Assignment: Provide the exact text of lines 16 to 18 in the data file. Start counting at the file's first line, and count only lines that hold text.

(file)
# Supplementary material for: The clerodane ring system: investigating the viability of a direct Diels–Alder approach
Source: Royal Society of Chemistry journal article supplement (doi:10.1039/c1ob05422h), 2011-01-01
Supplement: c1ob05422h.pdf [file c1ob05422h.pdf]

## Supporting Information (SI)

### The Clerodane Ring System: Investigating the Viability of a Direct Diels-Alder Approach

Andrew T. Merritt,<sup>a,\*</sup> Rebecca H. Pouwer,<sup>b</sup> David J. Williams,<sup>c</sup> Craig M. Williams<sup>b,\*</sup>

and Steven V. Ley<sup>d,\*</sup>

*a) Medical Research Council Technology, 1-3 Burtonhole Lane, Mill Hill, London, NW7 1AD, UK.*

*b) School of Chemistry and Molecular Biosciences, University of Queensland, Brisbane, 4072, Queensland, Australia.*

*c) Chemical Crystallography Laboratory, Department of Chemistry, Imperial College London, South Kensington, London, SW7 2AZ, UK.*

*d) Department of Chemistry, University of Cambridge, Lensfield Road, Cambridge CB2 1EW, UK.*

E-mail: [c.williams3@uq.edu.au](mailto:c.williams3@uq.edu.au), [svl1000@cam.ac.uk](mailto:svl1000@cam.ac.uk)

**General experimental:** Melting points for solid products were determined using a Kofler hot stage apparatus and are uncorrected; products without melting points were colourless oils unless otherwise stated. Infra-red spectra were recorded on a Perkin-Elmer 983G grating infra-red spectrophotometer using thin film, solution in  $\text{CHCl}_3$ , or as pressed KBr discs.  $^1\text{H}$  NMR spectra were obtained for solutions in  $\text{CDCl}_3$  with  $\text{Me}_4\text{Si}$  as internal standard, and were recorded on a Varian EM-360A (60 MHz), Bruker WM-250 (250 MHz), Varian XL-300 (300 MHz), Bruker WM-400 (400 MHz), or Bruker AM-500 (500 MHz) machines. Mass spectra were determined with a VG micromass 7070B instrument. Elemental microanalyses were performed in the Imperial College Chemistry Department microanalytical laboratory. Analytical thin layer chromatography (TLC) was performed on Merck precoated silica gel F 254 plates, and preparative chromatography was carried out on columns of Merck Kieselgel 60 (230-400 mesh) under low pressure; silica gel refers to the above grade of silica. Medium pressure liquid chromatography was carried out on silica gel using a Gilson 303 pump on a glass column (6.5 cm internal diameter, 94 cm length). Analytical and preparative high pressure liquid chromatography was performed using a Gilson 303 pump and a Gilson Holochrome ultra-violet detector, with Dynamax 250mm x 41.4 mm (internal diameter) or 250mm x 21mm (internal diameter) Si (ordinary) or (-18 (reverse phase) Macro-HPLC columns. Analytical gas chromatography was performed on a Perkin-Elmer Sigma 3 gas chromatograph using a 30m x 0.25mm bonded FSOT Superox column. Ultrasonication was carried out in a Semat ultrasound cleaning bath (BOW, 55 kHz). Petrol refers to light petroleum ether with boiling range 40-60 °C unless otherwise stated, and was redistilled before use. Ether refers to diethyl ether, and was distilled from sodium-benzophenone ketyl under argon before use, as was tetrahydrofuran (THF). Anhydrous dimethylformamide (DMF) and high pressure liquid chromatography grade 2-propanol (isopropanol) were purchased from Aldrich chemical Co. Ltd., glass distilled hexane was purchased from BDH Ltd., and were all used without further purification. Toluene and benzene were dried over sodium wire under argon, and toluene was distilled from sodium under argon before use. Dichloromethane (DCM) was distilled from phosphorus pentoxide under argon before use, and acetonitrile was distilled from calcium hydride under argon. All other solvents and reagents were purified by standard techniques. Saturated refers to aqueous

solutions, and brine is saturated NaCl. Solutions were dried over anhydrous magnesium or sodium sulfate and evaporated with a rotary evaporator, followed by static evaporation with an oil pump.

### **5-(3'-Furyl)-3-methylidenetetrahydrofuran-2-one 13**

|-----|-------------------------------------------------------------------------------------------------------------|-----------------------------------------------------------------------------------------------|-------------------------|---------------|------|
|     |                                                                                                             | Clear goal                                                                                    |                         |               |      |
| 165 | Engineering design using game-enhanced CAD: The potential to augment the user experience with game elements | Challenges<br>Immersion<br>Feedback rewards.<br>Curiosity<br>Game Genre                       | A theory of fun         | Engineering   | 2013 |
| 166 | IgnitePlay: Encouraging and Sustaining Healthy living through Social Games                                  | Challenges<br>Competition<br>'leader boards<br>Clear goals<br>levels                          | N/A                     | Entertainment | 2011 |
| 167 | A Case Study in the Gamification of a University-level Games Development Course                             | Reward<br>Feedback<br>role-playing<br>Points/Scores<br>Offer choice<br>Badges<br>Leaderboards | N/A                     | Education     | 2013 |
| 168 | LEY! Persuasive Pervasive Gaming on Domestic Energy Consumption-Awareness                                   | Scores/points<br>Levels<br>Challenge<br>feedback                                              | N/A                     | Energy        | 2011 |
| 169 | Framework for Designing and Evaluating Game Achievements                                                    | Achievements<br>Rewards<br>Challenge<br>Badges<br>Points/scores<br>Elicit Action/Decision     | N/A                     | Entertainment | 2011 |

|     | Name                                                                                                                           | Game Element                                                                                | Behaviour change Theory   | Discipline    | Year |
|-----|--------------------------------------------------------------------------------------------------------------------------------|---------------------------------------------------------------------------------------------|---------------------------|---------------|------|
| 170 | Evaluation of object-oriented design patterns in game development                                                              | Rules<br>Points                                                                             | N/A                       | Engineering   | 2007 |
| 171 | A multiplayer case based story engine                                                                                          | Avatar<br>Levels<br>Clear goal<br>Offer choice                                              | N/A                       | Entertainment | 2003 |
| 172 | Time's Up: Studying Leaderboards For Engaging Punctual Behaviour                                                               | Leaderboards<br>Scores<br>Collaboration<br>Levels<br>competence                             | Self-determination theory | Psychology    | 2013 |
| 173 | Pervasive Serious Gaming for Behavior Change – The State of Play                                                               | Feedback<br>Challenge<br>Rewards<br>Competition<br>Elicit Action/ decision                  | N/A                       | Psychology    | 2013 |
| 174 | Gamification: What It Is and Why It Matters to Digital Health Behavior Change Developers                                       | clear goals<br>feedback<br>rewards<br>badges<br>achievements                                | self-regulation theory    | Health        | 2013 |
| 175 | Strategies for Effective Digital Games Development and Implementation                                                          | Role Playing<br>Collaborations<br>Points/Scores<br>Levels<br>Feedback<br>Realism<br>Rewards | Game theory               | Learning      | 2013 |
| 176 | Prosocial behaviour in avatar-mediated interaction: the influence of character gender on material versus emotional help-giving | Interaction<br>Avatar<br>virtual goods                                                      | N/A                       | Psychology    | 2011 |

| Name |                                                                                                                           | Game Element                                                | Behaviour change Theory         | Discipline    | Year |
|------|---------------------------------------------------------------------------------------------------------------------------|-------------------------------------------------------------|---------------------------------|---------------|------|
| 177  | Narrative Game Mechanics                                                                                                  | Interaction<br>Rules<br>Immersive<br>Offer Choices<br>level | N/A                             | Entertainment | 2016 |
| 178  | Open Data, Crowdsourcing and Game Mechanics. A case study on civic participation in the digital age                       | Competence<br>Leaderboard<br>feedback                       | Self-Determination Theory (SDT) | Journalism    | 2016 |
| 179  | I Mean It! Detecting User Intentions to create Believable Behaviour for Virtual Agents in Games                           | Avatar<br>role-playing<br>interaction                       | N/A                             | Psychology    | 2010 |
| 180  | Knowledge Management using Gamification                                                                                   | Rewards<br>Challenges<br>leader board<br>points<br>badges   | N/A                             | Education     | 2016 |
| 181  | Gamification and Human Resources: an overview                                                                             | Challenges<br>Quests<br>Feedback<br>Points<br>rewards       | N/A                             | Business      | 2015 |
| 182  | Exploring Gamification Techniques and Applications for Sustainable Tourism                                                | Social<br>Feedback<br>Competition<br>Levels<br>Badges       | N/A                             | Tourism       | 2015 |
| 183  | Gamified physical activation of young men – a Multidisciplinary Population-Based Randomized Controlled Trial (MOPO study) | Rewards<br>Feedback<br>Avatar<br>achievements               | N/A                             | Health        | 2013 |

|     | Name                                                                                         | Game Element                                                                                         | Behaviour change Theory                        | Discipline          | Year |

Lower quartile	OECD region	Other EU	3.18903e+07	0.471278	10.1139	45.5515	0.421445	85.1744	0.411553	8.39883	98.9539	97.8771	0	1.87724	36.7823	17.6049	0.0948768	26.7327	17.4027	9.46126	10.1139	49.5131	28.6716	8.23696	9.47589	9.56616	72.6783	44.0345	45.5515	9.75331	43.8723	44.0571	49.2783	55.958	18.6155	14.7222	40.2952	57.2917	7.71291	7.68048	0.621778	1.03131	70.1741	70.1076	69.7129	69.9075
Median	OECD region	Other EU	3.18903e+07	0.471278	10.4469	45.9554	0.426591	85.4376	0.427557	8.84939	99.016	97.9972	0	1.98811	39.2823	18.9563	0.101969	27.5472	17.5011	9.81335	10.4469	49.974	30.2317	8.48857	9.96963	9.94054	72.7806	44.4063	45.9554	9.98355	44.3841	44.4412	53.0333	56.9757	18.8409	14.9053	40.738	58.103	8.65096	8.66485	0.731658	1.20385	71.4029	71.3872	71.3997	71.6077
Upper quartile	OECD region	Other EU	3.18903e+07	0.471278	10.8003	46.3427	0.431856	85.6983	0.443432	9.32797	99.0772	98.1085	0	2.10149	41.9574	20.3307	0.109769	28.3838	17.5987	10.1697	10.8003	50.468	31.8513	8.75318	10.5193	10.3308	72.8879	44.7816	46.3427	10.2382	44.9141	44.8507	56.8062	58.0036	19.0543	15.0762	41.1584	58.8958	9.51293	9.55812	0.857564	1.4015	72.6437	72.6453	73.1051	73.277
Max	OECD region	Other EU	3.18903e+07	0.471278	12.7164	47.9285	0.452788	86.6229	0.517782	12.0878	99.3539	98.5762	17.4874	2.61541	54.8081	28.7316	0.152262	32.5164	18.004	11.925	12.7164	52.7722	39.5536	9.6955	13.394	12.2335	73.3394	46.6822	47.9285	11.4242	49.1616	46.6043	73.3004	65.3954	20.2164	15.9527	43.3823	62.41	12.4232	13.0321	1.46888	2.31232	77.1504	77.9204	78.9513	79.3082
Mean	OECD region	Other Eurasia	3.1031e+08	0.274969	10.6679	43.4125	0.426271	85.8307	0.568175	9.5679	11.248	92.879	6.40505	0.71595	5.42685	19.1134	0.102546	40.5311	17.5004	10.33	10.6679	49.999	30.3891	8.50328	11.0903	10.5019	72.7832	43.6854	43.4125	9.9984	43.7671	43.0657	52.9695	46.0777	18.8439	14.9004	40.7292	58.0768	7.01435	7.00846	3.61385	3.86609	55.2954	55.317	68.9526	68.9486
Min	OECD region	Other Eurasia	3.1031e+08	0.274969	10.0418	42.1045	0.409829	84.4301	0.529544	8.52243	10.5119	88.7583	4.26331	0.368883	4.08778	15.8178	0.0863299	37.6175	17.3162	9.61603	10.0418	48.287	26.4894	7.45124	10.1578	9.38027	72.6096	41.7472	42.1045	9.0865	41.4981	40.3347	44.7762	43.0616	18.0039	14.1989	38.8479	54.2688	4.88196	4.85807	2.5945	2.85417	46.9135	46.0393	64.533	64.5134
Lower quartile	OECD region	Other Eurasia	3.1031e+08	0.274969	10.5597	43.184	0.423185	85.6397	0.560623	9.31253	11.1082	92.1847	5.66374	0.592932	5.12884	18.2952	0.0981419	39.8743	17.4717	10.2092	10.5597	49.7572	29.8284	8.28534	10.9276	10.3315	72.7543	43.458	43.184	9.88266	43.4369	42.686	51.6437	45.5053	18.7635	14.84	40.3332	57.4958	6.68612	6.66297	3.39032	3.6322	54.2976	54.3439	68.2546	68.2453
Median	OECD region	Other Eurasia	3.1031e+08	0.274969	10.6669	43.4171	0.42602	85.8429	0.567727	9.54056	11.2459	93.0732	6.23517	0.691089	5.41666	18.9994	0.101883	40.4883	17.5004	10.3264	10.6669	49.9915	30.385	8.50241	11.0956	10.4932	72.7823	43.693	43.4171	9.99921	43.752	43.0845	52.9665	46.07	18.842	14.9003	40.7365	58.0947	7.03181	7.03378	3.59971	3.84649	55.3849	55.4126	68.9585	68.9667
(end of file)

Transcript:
|-----|-------------------------------------------------------------------------------------------------------------|-----------------------------------------------------------------------------------------------|-------------------------|---------------|------|
|     |                                                                                                             | Clear goal                                                                                    |                         |               |      |
| 165 | Engineering design using game-enhanced CAD: The potential to augment the user experience with game elements | Challenges<br>Immersion<br>Feedback rewards.<br>Curiosity<br>Game Genre                       | A theory of fun         | Engineering   | 2013 |